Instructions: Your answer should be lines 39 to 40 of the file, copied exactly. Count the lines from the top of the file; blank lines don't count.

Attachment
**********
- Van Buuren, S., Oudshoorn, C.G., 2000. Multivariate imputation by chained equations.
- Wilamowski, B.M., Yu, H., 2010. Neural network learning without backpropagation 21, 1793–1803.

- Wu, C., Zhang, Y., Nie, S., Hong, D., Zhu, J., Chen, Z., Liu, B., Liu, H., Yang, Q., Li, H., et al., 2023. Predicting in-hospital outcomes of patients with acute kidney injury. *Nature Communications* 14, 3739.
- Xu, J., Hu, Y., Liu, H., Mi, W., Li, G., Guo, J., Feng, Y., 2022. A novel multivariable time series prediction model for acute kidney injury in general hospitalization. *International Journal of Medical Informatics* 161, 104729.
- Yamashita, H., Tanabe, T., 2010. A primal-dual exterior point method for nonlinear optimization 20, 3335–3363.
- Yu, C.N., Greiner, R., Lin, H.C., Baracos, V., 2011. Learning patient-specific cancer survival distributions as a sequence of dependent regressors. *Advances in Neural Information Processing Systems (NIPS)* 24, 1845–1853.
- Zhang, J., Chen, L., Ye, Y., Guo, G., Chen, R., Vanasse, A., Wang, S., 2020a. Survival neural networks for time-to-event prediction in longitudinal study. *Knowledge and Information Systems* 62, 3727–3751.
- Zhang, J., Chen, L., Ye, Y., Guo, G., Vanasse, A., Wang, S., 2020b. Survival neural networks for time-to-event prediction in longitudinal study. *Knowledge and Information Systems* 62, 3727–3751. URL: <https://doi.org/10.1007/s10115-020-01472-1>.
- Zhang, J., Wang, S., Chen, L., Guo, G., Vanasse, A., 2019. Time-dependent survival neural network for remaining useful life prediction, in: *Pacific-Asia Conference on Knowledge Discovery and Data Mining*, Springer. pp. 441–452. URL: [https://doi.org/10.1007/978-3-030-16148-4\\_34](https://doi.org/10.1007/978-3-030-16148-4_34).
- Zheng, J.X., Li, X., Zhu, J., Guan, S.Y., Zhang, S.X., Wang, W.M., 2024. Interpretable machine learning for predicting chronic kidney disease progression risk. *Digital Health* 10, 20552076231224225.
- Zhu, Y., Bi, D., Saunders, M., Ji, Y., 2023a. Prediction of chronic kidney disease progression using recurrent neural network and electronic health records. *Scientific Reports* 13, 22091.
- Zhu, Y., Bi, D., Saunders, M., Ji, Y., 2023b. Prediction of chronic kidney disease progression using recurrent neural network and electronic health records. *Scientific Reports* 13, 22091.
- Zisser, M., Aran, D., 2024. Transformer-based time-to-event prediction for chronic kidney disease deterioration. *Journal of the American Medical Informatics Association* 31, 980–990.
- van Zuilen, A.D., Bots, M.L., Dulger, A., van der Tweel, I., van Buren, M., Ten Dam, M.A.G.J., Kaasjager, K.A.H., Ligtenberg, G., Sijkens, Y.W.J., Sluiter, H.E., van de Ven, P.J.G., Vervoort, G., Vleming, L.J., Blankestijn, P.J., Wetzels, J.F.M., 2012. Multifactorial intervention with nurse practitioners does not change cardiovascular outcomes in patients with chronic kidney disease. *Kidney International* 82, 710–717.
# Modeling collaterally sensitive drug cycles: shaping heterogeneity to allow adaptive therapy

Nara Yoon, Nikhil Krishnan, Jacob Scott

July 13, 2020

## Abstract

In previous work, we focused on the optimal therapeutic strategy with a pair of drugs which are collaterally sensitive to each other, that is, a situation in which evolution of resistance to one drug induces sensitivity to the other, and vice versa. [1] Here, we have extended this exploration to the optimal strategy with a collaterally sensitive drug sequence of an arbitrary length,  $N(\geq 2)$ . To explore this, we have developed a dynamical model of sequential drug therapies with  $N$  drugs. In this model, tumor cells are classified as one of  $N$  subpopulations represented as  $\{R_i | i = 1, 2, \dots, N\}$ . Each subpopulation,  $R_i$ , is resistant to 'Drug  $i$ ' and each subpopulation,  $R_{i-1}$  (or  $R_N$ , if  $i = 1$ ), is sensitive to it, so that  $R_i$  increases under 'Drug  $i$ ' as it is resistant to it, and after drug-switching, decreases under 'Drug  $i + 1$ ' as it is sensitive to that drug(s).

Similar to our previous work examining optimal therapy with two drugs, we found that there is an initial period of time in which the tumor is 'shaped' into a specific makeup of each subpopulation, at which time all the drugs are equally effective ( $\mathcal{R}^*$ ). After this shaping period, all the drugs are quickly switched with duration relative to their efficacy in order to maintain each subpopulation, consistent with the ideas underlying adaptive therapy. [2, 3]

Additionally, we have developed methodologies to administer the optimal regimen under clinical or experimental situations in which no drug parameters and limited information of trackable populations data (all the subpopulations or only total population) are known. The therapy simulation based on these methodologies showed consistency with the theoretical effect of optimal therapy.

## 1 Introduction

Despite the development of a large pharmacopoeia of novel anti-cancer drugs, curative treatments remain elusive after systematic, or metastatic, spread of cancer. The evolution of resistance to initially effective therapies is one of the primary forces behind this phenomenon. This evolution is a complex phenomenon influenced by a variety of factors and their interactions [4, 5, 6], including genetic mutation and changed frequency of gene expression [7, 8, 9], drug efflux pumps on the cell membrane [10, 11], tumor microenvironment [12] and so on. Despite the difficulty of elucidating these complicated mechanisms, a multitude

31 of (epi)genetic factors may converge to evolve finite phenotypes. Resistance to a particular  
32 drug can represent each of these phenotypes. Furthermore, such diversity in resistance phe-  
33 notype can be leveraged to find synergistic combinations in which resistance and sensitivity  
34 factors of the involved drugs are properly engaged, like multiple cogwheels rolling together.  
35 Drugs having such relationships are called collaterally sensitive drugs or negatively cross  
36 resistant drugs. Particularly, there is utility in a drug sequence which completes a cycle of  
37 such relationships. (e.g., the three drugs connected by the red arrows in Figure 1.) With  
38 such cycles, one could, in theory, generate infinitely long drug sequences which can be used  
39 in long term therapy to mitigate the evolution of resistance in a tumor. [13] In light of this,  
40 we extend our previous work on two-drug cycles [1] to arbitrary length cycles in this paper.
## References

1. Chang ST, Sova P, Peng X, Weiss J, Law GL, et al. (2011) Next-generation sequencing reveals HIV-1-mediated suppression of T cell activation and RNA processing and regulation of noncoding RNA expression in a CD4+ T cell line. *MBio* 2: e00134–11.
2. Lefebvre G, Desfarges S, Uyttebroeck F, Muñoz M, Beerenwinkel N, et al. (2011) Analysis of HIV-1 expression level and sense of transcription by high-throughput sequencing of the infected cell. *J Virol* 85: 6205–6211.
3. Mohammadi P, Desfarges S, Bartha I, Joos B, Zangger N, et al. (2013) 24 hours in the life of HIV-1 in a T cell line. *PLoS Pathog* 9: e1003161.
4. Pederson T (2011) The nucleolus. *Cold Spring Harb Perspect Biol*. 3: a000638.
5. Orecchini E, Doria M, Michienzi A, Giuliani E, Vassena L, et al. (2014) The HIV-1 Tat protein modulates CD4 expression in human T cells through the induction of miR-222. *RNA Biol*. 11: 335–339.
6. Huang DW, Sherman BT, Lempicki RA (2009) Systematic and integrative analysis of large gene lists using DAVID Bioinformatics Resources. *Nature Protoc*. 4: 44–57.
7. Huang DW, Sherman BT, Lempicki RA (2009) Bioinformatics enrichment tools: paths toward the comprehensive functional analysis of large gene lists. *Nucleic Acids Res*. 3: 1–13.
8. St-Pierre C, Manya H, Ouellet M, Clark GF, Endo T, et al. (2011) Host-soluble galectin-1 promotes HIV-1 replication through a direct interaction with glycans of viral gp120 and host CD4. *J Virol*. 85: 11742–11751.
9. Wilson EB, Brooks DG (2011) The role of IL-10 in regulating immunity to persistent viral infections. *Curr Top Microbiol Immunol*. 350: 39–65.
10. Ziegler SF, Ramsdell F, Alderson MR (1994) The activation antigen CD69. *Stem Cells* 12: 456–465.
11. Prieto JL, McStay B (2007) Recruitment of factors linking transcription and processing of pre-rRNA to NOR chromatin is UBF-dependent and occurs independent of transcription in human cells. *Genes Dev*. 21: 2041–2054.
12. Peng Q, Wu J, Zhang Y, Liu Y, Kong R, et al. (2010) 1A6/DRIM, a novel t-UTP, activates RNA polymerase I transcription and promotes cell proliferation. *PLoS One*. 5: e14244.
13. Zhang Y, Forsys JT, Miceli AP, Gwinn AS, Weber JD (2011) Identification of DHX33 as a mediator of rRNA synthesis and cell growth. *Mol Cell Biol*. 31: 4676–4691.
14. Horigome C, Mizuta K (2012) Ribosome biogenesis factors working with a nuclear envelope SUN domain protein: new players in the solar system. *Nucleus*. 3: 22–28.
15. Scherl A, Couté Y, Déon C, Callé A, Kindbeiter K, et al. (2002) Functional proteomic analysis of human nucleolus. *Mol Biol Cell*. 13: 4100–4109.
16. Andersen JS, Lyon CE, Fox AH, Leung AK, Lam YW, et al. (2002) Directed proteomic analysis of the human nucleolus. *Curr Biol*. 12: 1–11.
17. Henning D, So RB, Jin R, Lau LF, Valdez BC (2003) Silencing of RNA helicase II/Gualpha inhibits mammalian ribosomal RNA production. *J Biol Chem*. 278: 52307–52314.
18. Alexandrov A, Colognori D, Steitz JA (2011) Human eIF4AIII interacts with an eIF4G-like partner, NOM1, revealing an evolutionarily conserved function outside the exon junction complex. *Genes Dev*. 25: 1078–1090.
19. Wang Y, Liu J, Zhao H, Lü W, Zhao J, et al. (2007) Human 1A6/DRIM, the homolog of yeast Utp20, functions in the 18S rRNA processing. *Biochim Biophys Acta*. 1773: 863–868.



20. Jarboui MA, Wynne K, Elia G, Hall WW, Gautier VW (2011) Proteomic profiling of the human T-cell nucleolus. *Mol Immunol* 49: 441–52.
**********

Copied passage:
5. Orecchini E, Doria M, Michienzi A, Giuliani E, Vassena L, et al. (2014) The HIV-1 Tat protein modulates CD4 expression in human T cells through the induction of miR-222. *RNA Biol*. 11: 335–339.
6. Huang DW, Sherman BT, Lempicki RA (2009) Systematic and integrative analysis of large gene lists using DAVID Bioinformatics Resources. *Nature Protoc*. 4: 44–57.